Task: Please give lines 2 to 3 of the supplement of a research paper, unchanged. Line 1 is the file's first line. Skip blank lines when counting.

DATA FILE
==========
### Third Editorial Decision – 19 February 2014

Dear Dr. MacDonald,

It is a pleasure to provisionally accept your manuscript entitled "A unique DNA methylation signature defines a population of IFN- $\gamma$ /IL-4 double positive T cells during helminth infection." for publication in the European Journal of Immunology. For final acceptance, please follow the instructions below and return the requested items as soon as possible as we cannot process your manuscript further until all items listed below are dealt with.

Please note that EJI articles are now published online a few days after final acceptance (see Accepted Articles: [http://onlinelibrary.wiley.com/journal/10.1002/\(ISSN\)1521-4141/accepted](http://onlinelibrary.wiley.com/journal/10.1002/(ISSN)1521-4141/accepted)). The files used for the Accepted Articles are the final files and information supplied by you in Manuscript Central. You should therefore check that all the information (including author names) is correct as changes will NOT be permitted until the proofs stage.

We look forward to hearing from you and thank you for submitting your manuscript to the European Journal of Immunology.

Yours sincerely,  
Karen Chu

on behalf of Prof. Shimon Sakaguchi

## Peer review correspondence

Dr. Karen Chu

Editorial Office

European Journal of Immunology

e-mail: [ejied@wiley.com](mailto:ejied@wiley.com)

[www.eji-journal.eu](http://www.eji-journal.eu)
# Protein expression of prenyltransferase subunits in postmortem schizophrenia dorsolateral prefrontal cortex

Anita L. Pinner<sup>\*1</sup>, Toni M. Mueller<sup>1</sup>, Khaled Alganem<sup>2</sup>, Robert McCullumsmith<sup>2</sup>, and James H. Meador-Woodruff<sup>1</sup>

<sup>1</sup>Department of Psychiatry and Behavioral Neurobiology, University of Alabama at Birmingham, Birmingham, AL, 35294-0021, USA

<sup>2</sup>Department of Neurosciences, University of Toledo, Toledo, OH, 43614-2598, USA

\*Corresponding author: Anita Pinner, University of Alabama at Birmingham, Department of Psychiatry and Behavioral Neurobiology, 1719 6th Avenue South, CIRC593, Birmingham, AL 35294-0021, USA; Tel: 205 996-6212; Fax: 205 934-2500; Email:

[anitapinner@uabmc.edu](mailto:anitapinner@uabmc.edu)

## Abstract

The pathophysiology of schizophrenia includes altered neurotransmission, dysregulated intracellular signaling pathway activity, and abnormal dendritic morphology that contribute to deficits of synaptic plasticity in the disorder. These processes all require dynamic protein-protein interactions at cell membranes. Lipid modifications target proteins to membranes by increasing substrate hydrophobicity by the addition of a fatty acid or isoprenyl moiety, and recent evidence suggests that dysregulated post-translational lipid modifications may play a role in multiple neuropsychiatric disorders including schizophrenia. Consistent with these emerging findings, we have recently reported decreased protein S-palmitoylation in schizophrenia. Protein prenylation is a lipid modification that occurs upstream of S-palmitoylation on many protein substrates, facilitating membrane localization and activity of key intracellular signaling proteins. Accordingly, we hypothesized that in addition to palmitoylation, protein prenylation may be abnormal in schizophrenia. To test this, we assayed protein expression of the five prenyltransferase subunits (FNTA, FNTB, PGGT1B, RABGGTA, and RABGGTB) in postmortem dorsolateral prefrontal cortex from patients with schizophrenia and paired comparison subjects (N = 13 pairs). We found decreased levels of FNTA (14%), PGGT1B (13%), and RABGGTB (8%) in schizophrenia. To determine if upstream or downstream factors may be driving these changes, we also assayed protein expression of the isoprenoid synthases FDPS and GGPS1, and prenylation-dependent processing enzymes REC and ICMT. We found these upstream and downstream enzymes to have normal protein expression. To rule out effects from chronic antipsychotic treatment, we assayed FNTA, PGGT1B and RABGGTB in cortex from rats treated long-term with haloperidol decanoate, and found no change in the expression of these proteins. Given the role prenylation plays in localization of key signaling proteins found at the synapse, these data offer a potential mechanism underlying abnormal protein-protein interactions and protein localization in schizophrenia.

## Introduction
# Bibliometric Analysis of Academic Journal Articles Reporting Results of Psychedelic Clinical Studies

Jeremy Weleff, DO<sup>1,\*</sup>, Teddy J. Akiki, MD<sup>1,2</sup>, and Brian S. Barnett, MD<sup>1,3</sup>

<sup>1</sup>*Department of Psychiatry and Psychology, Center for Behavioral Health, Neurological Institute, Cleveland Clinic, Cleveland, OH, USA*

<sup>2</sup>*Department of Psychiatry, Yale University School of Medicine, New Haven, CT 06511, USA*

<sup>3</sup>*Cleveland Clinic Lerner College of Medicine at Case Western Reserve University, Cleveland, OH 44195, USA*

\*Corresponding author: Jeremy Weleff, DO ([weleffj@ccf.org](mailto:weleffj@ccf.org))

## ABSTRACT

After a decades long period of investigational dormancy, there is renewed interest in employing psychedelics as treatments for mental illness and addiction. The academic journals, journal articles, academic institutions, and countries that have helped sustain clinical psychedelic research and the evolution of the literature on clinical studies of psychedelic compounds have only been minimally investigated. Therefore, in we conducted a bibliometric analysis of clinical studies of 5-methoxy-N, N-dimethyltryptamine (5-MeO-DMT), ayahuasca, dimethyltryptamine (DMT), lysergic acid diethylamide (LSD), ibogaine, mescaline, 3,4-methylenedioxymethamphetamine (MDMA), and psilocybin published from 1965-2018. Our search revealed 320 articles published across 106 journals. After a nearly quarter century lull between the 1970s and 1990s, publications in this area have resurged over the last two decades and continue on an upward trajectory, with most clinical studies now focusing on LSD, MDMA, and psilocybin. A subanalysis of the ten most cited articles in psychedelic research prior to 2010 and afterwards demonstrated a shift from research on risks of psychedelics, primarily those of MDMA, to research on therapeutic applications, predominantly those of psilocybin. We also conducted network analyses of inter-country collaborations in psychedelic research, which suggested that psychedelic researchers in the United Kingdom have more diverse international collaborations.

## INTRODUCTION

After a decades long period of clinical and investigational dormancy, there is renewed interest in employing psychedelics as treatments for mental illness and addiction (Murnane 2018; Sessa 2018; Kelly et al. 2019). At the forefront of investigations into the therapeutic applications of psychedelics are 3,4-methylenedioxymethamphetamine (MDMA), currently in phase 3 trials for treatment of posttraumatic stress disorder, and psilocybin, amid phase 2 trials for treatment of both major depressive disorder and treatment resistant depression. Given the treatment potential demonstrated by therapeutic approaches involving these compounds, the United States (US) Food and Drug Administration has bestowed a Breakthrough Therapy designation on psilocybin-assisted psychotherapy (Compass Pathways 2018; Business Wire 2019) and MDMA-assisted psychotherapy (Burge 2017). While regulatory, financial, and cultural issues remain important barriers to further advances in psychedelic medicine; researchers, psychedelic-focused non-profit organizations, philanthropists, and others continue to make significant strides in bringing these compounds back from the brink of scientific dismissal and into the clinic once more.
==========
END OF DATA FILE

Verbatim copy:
Dear Dr. MacDonald,

It is a pleasure to provisionally accept your manuscript entitled "A unique DNA methylation signature defines a population of IFN- $\gamma$ /IL-4 double positive T cells during helminth infection." for publication in the European Journal of Immunology. For final acceptance, please follow the instructions below and return the requested items as soon as possible as we cannot process your manuscript further until all items listed below are dealt with.